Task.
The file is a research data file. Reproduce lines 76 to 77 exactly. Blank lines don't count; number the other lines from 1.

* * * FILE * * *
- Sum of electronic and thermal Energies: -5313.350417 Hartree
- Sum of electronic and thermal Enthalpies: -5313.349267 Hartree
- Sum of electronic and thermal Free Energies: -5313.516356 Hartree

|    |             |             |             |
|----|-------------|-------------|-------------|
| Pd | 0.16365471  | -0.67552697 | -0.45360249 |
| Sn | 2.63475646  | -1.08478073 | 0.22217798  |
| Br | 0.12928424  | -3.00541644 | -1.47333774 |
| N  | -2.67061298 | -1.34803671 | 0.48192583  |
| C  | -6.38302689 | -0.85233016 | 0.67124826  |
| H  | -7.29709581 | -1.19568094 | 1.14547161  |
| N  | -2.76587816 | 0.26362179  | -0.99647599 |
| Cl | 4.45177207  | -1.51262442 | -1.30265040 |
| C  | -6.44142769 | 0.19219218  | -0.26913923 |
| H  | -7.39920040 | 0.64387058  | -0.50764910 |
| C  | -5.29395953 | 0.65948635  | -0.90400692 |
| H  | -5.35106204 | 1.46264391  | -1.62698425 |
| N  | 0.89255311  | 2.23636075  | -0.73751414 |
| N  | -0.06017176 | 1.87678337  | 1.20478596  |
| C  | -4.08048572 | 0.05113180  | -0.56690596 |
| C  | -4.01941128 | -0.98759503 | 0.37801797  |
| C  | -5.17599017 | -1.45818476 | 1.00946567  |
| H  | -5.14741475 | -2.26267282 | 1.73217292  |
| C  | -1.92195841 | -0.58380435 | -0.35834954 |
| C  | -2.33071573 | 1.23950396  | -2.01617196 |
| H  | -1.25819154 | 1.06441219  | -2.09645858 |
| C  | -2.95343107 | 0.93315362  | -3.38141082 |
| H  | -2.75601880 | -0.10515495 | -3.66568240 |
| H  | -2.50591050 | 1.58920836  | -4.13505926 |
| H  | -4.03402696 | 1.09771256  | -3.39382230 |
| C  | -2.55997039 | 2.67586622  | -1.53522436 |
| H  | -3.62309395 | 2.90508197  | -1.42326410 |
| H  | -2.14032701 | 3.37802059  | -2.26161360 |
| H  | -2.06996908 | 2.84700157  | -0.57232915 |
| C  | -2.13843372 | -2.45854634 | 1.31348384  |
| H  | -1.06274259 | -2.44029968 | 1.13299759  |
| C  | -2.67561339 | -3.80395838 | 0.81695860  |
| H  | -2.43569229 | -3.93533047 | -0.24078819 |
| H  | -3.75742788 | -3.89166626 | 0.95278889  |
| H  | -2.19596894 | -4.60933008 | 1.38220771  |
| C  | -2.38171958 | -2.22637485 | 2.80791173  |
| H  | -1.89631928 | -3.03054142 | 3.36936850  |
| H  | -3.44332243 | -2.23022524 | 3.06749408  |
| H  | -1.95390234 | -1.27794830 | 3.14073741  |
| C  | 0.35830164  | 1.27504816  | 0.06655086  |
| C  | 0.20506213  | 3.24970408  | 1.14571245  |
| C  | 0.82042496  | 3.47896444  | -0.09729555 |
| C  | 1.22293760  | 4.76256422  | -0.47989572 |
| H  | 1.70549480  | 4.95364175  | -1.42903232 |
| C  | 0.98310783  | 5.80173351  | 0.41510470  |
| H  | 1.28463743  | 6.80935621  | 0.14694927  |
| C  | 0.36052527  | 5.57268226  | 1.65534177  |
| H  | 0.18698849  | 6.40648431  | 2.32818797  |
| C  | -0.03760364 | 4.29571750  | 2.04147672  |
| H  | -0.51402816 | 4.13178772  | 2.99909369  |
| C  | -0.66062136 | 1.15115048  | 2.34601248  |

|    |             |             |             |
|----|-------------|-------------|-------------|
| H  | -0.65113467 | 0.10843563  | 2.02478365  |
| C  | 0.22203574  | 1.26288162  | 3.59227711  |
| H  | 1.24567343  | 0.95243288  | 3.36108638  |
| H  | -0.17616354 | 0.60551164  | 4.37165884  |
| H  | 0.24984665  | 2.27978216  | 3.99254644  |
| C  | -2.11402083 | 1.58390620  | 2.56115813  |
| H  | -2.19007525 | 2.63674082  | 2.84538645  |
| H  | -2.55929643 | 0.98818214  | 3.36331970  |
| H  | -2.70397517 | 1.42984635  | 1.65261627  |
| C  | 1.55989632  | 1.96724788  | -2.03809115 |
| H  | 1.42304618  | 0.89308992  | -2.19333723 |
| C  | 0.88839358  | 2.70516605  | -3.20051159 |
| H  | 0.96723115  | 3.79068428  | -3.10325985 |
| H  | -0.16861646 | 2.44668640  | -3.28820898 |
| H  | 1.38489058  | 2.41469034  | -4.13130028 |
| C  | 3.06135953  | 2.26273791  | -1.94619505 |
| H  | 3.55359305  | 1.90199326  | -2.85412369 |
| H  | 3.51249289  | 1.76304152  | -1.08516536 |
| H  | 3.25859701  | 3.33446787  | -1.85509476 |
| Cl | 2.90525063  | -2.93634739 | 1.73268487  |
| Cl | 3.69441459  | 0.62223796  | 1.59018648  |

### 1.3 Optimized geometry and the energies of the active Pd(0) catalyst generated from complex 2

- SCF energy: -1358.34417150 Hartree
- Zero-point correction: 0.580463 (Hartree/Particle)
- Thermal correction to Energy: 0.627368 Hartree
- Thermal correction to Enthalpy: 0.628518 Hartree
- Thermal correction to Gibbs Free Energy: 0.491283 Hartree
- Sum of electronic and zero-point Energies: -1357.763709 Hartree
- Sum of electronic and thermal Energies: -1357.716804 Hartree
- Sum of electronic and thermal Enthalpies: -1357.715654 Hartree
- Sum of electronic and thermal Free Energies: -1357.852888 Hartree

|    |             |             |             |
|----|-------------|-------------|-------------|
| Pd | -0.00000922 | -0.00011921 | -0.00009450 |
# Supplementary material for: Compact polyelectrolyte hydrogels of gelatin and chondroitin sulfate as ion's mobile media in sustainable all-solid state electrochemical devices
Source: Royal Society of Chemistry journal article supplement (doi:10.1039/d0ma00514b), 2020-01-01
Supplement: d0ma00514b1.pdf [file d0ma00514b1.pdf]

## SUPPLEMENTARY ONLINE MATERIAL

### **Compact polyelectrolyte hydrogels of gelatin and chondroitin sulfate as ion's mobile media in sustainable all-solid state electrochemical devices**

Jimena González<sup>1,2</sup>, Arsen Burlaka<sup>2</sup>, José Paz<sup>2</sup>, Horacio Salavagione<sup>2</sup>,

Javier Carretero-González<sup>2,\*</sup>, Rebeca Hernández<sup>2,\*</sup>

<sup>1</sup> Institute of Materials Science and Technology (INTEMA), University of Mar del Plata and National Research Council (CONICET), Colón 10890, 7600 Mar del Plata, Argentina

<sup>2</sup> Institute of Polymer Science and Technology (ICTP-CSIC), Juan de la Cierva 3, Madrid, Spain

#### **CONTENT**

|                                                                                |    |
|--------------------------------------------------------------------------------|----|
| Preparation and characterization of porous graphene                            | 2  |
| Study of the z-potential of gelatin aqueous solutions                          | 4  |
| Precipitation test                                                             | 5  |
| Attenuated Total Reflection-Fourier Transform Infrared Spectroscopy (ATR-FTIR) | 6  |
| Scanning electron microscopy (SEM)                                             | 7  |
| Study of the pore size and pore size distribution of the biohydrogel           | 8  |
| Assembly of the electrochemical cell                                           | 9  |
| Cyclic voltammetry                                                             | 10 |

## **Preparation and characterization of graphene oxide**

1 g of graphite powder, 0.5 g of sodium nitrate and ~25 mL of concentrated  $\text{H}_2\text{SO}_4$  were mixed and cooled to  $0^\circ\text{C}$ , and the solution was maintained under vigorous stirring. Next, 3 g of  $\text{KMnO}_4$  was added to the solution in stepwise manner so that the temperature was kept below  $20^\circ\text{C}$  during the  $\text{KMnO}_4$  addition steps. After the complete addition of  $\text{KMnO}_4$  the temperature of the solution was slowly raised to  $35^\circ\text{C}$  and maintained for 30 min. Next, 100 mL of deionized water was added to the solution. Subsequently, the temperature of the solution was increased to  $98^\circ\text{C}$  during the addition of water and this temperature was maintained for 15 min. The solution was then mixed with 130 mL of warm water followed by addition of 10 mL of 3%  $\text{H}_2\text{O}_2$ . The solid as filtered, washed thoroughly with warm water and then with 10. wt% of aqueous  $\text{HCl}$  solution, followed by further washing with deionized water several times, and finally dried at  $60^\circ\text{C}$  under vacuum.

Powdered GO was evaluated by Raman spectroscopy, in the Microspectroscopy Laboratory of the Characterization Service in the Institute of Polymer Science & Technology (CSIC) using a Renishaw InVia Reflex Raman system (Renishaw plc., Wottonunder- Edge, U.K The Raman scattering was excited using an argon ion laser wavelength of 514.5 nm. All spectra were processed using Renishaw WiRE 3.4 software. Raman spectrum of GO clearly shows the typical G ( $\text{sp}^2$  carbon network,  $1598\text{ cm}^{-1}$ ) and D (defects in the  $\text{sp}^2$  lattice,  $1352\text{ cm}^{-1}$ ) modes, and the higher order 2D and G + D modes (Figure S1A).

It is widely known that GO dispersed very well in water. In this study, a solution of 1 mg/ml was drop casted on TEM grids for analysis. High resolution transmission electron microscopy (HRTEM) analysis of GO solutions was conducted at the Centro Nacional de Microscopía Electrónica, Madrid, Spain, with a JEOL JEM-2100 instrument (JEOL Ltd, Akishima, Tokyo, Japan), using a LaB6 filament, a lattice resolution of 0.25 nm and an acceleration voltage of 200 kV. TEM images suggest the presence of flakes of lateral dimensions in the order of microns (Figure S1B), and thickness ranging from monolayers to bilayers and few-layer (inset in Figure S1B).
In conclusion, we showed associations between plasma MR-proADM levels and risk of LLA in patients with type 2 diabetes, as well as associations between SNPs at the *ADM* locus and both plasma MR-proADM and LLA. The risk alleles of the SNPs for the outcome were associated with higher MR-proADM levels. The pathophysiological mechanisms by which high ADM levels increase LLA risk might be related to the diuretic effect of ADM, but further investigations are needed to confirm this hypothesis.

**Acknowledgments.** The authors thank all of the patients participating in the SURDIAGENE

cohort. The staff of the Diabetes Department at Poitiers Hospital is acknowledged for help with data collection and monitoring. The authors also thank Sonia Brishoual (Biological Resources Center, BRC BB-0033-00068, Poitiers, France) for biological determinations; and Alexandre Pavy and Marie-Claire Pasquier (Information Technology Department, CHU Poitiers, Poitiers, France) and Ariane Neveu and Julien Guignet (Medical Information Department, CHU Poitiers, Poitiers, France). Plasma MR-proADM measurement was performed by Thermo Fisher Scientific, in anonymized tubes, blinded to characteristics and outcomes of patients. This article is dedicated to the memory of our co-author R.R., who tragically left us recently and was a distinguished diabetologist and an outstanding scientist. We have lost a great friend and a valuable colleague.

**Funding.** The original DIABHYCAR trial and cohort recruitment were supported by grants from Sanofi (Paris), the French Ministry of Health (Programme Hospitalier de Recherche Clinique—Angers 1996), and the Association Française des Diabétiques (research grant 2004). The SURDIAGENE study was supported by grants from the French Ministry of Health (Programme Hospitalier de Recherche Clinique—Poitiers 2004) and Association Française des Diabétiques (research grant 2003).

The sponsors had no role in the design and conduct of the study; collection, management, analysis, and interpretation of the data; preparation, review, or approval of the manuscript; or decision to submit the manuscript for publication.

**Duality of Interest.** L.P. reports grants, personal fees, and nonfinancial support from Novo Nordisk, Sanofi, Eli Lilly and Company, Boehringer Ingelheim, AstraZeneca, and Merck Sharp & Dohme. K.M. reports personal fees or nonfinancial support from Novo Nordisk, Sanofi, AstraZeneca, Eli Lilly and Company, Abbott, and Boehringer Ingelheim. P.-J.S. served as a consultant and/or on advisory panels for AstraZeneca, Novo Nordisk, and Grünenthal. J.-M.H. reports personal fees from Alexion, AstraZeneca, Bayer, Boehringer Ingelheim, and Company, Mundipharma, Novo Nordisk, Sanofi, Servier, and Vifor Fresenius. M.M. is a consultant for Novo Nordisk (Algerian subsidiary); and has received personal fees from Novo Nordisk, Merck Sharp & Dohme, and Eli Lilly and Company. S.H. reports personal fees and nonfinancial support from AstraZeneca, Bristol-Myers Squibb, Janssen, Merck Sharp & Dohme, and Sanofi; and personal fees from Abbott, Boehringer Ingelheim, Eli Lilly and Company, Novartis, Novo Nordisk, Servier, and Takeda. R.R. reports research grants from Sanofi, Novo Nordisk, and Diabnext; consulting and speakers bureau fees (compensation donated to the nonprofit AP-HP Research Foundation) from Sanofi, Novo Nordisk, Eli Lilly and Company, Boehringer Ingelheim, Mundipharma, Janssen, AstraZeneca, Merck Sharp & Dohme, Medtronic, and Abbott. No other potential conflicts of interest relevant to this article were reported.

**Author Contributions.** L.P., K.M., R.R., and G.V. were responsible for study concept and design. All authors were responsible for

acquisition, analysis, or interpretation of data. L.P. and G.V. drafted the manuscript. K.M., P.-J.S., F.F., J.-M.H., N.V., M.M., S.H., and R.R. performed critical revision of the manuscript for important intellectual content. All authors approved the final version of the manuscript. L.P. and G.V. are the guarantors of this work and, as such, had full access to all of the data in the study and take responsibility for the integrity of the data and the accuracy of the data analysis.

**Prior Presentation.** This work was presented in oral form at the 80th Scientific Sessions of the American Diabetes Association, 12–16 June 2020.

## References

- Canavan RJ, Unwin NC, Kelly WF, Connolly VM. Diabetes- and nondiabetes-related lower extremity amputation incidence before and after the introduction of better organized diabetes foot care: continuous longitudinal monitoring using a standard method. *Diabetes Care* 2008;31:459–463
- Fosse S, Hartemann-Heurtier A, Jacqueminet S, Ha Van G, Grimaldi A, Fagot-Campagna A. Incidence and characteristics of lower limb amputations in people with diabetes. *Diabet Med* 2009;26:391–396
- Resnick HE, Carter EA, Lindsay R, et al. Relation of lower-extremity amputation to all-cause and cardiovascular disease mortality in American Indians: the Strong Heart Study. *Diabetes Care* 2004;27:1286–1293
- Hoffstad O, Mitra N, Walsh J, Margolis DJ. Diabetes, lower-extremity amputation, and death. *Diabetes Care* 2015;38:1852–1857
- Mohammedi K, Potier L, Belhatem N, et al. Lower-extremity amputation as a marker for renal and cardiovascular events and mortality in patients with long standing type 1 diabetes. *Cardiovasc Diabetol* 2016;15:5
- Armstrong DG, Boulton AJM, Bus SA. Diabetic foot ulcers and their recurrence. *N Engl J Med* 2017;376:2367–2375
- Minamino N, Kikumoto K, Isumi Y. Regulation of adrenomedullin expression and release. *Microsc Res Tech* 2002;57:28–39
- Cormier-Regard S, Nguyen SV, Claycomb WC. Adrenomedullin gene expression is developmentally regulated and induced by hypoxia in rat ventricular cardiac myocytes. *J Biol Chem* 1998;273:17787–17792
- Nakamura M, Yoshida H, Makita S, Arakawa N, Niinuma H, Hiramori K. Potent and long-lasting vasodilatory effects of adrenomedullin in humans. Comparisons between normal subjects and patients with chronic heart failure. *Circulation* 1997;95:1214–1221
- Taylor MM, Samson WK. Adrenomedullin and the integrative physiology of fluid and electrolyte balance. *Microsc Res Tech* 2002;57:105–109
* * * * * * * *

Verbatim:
| H  | 3.51249289  | 1.76304152  | -1.08516536 |
| H  | 3.25859701  | 3.33446787  | -1.85509476 |